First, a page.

Shakur's clan of 20 Pashtun families fled Laghman province, where he says Taliban insurgents threatened to kill anyone who didn't give shelter and food to the fighters. The families had precious little food to spare, he says, and feared they would be killed. They retreated to Kabul nearly five years ago.
But Shakur also says the clan came to the capital in search of work; the Afghan refugee ministry contends that many among the internally displaced are economic, not war, refugees.
Shakur says the ministry's emergency aid was too little too late last winter. And so far this year, the ministry has provided no aid, he says.
That's true, says Dr. Abdul Samad Hami, deputy minister of refugees and repatriations. The ministry has submitted a budget for aid for internally displaced people, he says, "but, unfortunately, the Finance Ministry didn't approve the budget."
The relief burden must fall instead on the U.N. and international relief organizations, Hami says.
Shakur, chewing a slimy gob of green snuff, says he'll believe it when he sees it.
So, too, says Mohammed Anwar, 35, the bald, burly, self-appointed head of a section of the much bigger Qambar Square refugee camp a few miles away.
"We get no help; we're forgotten, even in the winter, when people are dying," Anwar says. He stands, arms folded, beside an ancient stove where his children are stuffing plastic and cardboard into a sputtering fire.
Aschiana, a nongovernmental Afghan relief group, provided the camp with a well and two tiny schools — one for boys and one for girls — housed in tents, in accordance with government policies banning permanent structures. The teachers are themselves refugees, like Joma Khan, 21, who says he learned to read and write during his five years in the camp.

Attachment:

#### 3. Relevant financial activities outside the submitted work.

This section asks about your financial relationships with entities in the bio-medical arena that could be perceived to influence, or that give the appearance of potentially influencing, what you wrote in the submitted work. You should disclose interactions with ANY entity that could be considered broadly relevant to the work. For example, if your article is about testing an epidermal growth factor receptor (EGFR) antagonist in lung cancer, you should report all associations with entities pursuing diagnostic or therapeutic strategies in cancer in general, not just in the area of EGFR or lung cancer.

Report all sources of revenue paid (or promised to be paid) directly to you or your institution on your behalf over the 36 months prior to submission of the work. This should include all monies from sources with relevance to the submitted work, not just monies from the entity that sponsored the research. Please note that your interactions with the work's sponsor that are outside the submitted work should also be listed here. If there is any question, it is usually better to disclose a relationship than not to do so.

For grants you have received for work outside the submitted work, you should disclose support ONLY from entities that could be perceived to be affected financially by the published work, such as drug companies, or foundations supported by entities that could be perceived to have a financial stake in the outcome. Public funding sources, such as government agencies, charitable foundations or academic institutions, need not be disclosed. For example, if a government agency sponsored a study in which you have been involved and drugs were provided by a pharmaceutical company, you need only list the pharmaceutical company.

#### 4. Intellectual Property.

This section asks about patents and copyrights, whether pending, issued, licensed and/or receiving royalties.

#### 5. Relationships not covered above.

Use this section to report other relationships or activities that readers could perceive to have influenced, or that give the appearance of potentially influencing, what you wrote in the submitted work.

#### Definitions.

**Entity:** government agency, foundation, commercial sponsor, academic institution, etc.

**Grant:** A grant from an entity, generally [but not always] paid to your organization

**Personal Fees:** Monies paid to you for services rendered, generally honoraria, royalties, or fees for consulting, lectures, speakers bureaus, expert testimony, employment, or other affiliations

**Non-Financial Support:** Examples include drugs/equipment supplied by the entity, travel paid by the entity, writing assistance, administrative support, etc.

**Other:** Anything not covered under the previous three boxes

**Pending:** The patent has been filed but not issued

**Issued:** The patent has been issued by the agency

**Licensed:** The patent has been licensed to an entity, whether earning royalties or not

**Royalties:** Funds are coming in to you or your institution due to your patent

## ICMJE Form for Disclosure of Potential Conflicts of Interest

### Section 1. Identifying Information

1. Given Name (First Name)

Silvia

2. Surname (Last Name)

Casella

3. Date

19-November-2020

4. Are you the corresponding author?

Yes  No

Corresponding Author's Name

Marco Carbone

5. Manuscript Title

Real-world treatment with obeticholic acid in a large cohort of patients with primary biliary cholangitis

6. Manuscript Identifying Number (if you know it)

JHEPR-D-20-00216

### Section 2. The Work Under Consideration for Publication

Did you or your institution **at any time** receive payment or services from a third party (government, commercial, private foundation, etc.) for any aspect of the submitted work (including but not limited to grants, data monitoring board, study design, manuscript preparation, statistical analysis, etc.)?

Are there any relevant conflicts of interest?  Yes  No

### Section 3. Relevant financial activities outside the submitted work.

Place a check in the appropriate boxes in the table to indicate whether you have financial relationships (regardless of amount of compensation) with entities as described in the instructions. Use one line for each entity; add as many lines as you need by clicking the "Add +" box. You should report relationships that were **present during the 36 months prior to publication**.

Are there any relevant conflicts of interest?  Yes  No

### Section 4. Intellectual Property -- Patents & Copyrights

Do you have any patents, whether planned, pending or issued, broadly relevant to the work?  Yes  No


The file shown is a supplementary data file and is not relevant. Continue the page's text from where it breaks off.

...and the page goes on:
There are occasional deliveries of cooking oil, rice, flour and blankets by relief groups, Anwar says, but not enough for the camp's 5,000 to 6,000 people.
Anwar says his extended family of 16 people fled Helmand province four years ago. They were trapped, he says, between NATO coalition airstrikes and night raids on the one hand, and Taliban demands for food and shelter on the other.
Now Anwar ekes out a living selling snacks, vegetables and cigarettes on the shoulder of a highway that skirts the camp. Sometimes he and his male relatives find day labor jobs in Kabul.
He pulls out a thin clump of worn bills, bound by a rubber band. He flaps it against his belly. "This is all I earn. My wife wants money for cooking gas — it's not enough."
Anwar looks down at his children. He has three sons and five daughters. Some attend the tent schools, he says. But on this day they are happily collecting trash to burn or begging from passing cars by tapping urgently on windshields and adopting pitiful poses.
Their hands and faces are stained black. "Look at them; they aren't really this black," Anwar says. "It's because they must live with dirt and trash."
Last winter, he says, more people would have died if several wealthy Afghan businessmen had not delivered food, fuel and blankets. This year, volunteers like Parween Omidi, a media worker in Kabul for the International Security Assistance Force — the North Atlantic Treaty Organization mission in Afghanistan — have taken it upon themselves to provide help.
Omidi, an Afghan American from Orange County, collected clothes, blankets, gloves, hats and school supplies for families at a displaced-persons camp called Chaman-e-Hozori. Escorted by a U.S. military security team, Omidi handed out bags of supplies to several dozen camp residents who had been driven to a school to accept the aid.
At the Parwan-a-Duh camp, Abdel Shakur nods in approval when told of the donations. But then he says, "That's fine for them, but we still have nothing."
He does not hold out hope that any aid will come to his camp from the ISAF. In fact, he says, it makes no difference to displaced people who rules the country, or whether international troops go or stay.
"We never see these foreign troops; we are invisible to them," Shakur says.
He says he has heard American combat troops are leaving in 2014. He shrugs at the thought, and turns back to tending his cows and sheep, whose hooves are smeared with their own manure.
"What does it matter?" he says. "After they leave, we will still be poor, and we will still be right here."